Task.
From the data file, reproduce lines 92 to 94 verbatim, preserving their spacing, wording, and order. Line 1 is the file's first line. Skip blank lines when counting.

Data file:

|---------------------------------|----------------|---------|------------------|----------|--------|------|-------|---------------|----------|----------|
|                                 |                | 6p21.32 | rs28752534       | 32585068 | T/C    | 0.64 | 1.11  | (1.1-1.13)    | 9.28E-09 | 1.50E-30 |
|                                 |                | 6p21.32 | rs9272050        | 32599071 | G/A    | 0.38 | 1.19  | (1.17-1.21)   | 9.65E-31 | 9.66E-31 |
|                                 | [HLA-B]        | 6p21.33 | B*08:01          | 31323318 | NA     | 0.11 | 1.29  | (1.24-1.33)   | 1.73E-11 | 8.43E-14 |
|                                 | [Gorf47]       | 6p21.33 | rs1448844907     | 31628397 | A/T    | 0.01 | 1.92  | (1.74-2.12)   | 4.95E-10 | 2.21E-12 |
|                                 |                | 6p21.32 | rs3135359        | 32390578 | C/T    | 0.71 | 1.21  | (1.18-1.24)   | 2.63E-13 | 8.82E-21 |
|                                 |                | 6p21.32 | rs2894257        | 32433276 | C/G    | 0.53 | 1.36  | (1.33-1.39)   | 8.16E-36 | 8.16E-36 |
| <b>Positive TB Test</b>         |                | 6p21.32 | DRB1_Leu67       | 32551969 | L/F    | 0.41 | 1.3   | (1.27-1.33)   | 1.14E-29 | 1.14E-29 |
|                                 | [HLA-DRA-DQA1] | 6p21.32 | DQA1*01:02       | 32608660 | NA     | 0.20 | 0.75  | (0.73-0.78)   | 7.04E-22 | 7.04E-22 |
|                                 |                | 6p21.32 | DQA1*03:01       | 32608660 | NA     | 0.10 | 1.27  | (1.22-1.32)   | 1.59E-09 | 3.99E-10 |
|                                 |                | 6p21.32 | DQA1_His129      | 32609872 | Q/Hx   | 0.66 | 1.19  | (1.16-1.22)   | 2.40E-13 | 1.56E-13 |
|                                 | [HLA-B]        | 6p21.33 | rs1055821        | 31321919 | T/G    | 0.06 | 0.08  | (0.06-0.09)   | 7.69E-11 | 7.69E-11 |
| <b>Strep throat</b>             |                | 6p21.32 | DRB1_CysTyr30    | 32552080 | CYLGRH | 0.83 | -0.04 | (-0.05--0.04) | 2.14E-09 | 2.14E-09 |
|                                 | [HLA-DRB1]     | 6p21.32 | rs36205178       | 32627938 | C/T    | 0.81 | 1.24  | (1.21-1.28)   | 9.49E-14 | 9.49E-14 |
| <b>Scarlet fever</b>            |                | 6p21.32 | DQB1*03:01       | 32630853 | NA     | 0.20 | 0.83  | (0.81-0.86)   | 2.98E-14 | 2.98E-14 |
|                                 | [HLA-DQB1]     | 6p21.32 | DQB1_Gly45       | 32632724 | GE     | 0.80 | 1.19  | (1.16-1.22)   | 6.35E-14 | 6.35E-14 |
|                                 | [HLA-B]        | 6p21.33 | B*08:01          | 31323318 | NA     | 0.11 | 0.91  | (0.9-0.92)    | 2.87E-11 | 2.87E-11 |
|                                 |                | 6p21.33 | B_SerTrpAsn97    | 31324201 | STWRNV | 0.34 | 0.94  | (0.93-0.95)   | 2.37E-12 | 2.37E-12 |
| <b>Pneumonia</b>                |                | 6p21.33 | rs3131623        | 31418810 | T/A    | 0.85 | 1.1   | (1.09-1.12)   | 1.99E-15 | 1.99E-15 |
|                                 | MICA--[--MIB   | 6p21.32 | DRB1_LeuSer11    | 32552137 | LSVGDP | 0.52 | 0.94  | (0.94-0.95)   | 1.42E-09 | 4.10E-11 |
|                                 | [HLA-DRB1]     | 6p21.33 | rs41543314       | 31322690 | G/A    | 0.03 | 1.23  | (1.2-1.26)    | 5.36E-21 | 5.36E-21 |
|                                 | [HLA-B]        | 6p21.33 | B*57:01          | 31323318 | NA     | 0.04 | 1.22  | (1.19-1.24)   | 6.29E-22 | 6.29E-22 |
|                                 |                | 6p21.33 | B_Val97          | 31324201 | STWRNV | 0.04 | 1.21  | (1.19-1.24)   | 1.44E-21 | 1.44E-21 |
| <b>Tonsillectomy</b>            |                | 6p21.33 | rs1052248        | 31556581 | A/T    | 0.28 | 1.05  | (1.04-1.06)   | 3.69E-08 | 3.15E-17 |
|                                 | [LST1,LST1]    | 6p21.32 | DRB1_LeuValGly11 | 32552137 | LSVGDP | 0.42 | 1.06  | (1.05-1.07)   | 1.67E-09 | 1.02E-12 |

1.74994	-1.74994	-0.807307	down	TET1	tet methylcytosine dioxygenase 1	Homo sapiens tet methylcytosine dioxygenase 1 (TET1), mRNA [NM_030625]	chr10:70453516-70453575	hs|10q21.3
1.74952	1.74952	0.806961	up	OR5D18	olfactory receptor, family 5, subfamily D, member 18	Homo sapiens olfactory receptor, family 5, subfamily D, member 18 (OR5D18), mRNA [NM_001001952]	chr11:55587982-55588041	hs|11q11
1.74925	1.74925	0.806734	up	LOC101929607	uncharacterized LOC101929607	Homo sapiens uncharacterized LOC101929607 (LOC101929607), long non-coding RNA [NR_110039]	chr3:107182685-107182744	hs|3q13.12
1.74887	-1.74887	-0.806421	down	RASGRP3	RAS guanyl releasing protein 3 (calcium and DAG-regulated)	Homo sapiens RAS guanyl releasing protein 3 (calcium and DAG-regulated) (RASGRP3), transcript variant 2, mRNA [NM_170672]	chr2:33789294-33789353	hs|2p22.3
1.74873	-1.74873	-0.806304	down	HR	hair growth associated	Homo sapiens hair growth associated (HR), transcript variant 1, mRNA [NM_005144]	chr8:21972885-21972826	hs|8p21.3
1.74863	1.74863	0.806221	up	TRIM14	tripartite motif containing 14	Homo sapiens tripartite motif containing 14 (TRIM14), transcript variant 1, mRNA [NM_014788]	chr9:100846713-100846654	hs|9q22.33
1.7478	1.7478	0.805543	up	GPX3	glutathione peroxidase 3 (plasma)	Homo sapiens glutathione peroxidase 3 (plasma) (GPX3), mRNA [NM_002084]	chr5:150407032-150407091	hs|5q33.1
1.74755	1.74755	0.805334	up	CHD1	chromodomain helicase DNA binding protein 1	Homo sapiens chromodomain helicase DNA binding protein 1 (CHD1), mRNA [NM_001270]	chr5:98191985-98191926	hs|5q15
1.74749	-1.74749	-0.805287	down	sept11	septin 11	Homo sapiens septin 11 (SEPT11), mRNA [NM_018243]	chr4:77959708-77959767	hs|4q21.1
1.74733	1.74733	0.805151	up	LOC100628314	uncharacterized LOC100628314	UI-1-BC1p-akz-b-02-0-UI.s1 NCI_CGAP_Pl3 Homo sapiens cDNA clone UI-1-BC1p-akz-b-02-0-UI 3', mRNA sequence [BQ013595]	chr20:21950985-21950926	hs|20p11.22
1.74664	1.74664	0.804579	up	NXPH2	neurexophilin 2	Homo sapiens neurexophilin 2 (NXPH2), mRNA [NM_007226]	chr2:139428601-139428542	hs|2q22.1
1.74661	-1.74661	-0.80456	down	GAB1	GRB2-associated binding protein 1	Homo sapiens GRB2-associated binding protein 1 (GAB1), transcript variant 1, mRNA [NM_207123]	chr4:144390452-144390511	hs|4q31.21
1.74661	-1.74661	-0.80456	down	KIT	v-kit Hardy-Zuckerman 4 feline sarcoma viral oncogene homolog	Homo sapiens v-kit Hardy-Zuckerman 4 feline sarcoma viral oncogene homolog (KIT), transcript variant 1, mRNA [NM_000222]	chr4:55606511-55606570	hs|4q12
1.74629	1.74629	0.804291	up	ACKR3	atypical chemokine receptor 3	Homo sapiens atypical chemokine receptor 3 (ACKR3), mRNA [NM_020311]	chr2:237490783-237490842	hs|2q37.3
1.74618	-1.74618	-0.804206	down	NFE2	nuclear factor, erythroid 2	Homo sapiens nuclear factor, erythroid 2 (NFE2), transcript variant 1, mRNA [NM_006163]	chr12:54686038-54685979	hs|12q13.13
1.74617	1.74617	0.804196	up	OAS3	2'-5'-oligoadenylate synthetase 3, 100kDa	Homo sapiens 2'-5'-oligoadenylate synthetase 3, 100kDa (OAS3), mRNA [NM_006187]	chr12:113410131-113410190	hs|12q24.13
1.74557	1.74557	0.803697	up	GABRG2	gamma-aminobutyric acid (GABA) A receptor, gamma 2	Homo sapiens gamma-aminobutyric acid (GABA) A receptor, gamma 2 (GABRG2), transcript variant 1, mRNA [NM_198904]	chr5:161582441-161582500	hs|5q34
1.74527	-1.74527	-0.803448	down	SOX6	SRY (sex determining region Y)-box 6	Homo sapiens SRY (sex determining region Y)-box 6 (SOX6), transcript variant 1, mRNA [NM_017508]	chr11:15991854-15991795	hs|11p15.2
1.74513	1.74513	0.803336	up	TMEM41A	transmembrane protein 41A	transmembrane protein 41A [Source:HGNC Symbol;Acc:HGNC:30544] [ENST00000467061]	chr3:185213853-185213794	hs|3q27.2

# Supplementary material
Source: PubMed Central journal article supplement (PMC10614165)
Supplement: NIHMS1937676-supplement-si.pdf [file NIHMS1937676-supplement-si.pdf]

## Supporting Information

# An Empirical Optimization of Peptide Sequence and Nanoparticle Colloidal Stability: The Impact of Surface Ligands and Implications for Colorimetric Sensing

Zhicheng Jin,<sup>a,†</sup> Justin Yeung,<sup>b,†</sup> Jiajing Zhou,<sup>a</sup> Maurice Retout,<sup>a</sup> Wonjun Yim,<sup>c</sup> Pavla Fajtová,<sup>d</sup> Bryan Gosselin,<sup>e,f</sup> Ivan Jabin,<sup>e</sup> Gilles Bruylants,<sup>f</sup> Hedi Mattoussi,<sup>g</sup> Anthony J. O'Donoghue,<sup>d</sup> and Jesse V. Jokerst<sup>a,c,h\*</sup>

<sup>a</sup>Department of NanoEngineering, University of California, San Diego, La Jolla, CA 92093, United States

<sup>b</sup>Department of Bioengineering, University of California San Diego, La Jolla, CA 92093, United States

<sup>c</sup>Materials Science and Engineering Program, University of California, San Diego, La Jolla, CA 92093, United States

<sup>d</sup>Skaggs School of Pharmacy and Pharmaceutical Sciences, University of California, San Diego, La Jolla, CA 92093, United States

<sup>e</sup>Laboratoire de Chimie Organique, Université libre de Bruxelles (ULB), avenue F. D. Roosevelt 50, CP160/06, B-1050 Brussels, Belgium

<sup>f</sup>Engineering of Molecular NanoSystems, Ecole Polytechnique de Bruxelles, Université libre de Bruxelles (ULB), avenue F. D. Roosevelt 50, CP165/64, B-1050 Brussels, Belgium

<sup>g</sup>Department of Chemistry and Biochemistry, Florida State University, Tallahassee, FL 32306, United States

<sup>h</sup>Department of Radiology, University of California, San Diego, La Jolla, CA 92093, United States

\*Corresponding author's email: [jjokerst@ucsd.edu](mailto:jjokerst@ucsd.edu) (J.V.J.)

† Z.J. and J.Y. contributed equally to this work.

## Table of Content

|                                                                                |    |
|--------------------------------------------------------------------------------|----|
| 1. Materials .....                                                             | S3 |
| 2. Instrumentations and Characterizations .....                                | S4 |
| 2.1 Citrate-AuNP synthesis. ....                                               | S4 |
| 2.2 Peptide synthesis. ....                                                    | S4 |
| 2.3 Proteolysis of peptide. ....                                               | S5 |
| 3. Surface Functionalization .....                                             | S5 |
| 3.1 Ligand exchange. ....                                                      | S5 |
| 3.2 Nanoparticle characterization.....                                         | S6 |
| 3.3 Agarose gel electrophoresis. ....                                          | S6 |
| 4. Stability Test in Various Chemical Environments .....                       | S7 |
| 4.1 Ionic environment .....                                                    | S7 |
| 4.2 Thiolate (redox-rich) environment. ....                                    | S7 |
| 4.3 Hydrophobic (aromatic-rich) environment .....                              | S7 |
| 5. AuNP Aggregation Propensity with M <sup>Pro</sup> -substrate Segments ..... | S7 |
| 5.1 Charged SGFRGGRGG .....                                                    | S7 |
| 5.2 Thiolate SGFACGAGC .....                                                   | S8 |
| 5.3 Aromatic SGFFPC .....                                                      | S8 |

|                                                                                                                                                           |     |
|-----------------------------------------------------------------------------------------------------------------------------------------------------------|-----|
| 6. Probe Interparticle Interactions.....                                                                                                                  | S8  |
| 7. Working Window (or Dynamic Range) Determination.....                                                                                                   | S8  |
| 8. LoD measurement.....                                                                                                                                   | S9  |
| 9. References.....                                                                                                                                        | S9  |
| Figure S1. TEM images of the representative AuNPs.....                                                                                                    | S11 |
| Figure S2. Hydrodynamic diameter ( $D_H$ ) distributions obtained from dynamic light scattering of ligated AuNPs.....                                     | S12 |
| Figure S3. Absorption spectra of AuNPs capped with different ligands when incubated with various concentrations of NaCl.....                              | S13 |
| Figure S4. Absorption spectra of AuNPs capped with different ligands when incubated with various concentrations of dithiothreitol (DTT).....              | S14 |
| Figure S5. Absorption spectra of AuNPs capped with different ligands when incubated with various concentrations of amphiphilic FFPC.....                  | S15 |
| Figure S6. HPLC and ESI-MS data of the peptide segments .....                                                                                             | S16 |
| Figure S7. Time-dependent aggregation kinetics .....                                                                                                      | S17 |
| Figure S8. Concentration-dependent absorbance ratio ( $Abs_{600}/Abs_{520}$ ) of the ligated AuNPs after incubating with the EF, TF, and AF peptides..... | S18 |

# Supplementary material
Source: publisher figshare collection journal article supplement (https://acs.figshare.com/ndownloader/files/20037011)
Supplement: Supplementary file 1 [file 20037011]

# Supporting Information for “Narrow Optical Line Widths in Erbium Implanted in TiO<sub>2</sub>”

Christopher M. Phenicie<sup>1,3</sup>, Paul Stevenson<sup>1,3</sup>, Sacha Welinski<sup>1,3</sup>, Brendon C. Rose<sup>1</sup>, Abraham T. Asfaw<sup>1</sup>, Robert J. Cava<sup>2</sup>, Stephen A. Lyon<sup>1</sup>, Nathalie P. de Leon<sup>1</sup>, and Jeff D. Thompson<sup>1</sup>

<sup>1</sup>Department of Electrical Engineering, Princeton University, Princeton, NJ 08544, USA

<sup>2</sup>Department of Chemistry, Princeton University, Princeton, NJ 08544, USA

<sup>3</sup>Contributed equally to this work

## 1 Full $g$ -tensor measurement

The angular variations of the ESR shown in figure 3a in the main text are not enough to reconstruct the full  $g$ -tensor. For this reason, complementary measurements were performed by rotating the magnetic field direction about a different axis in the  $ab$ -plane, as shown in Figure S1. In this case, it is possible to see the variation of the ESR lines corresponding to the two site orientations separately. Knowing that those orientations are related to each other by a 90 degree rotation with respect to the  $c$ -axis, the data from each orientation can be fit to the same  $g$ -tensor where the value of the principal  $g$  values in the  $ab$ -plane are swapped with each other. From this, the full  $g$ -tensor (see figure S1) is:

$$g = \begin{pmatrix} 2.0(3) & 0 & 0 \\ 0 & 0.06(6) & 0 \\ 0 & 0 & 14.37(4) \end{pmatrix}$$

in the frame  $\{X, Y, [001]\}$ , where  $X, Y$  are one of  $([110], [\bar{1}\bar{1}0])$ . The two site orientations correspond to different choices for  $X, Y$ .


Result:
| Figure S6. HPLC and ESI-MS data of the peptide segments .....                                                                                             | S16 |
| Figure S7. Time-dependent aggregation kinetics .....                                                                                                      | S17 |
| Figure S8. Concentration-dependent absorbance ratio ( $Abs_{600}/Abs_{520}$ ) of the ligated AuNPs after incubating with the EF, TF, and AF peptides..... | S18 |